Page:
CDCR’s Division of Juvenile Justice Marks Anniversaries of Key Facilities

STOCKTON, Calif. — The California Department of Corrections and Rehabilitation (CDCR) recently marked the 25th anniversary of the N.A. Chaderjian Youth Correctional Facility and the 50th anniversary of the O.H. Close School for Boys (now O.H. Close Youth Correctional Facility), both located in Stockton.

“O.H. Close and N.A. Chaderjian have had some challenging times over the years and now are model institutions. I’m proud of the progress both facilities have made as we celebrate these significant anniversaries,” CDCR Secretary Scott Kernan said in a statement.

The anniversaries come soon after the successful termination of the Farrell lawsuit against the Division of Juvenile Justice (DJJ), which operates the Close and Chaderjian facilities, according to a statement by the CDCR. On January 16, 2003, Margaret Farrell, a taxpayer in the state of California filed a lawsuit against the director of what was then called the California Youth Authority (CYA). In her suit, Farrell claimed CYA was expending funds on policies, procedures and practices that were illegal under state law. Farrell additionally claimed that CYA failed in its statutory duties to provide adequate treatment and rehabilitation for juvenile offenders in its care. The lawsuit further alleged that the youth offenders were denied adequate medical, dental and mental health care.

In November 2004, all parties entered into a consent decree in which DJJ agreed to develop and implement six detailed remedial plans in the areas of safety and welfare, mental health, education, sexual behavior treatment, health care and dental services and youth with disabilities, according to a CDCR statement. One of the most important reforms was the implementation of the Integrated Behavior Treatment Model (IBTM), a comprehensive approach to assessing, understanding and treating youth. The approach can help to reduce institutional violence as well as the risk of future criminal behavior.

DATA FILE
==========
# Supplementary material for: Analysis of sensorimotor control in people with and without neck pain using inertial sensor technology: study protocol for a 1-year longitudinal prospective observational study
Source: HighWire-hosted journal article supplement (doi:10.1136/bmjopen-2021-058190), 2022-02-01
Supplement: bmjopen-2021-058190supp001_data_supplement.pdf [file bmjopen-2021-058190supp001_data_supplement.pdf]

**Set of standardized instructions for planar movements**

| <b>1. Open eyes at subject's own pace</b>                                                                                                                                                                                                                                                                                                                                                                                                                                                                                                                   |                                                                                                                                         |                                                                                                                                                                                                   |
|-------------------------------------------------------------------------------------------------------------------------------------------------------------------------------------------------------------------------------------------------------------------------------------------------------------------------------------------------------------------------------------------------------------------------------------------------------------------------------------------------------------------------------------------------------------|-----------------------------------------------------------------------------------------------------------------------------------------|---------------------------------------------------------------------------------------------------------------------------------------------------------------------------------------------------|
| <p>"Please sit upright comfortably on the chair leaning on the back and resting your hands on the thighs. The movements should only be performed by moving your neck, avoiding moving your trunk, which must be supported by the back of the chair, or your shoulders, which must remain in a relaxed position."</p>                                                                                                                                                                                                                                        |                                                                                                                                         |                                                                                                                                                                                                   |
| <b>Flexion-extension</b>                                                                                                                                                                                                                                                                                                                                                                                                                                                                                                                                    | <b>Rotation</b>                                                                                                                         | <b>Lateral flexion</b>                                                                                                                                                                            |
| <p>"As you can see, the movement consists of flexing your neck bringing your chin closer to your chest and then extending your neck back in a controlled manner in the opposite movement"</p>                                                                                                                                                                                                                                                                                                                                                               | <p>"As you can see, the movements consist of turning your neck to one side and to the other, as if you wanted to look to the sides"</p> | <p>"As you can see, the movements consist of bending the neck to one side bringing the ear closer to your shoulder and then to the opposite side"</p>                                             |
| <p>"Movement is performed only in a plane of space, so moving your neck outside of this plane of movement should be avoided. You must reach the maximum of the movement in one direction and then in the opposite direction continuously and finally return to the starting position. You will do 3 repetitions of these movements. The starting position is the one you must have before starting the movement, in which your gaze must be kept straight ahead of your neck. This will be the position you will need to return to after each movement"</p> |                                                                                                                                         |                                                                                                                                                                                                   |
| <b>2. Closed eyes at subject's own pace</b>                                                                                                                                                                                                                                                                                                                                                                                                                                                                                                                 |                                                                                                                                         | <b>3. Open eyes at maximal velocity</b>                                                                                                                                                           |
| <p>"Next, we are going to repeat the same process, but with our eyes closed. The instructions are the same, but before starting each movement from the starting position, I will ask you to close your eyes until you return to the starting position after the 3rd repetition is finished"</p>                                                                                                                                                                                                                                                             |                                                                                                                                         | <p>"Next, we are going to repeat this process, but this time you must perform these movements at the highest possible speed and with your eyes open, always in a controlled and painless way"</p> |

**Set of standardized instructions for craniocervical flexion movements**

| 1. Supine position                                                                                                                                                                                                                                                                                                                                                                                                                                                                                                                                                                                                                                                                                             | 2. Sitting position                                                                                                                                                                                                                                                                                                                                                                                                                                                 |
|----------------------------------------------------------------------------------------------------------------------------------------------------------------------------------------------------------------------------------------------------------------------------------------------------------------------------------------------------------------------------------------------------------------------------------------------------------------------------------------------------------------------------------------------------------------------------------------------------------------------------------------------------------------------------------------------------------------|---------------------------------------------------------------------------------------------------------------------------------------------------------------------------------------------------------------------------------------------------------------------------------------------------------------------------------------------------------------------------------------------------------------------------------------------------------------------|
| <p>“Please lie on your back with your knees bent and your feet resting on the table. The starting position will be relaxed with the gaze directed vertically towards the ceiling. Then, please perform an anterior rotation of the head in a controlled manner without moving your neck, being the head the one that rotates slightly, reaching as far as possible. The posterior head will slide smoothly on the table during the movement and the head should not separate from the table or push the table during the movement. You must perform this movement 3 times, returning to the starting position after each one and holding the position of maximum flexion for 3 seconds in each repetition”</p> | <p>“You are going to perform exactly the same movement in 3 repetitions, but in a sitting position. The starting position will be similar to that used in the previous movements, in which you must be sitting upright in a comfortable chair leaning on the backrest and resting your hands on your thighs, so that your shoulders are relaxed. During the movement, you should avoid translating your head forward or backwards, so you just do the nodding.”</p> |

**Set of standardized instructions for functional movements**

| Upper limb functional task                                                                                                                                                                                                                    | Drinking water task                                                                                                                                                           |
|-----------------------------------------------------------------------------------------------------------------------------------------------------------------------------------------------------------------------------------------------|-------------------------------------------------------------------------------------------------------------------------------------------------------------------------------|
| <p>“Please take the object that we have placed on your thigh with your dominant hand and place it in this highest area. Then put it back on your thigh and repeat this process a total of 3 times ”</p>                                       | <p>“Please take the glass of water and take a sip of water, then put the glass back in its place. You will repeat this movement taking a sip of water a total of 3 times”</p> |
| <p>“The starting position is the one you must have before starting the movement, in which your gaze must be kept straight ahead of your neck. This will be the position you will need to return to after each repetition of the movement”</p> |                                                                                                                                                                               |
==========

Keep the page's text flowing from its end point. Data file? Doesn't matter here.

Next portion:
“The remediation plan under the Farrell suit was one of the most far reaching in American juvenile justice history,” DJJ Director Michael Minor said in a statement. “Our treatment programs are now evidence-based and we are focused on helping our youth learn and develop the skills they need to succeed when they return to their community.”

On Feb. 25, 2016, an Alameda Superior Court judge terminated the Farrell lawsuit against DJJ (as successor to the CYA) on the basis of the work that has been done to promote positive programs to rehabilitate youth in the juvenile justice system, according to a CDCR statement.

“The culture in our facilities has shifted significantly,” Minor added. “I am proud to say that DJJ is once again one of the most progressive juvenile corrections systems in the nation.”

DJJ provides education and treatment to California’s youthful offenders up to the age of 23 who have the most serious criminal backgrounds and most intense treatment needs. Most juvenile offenders today are committed to county facilities located within their home communities where they can be closer to their families and local social services that are vital to rehabilitation.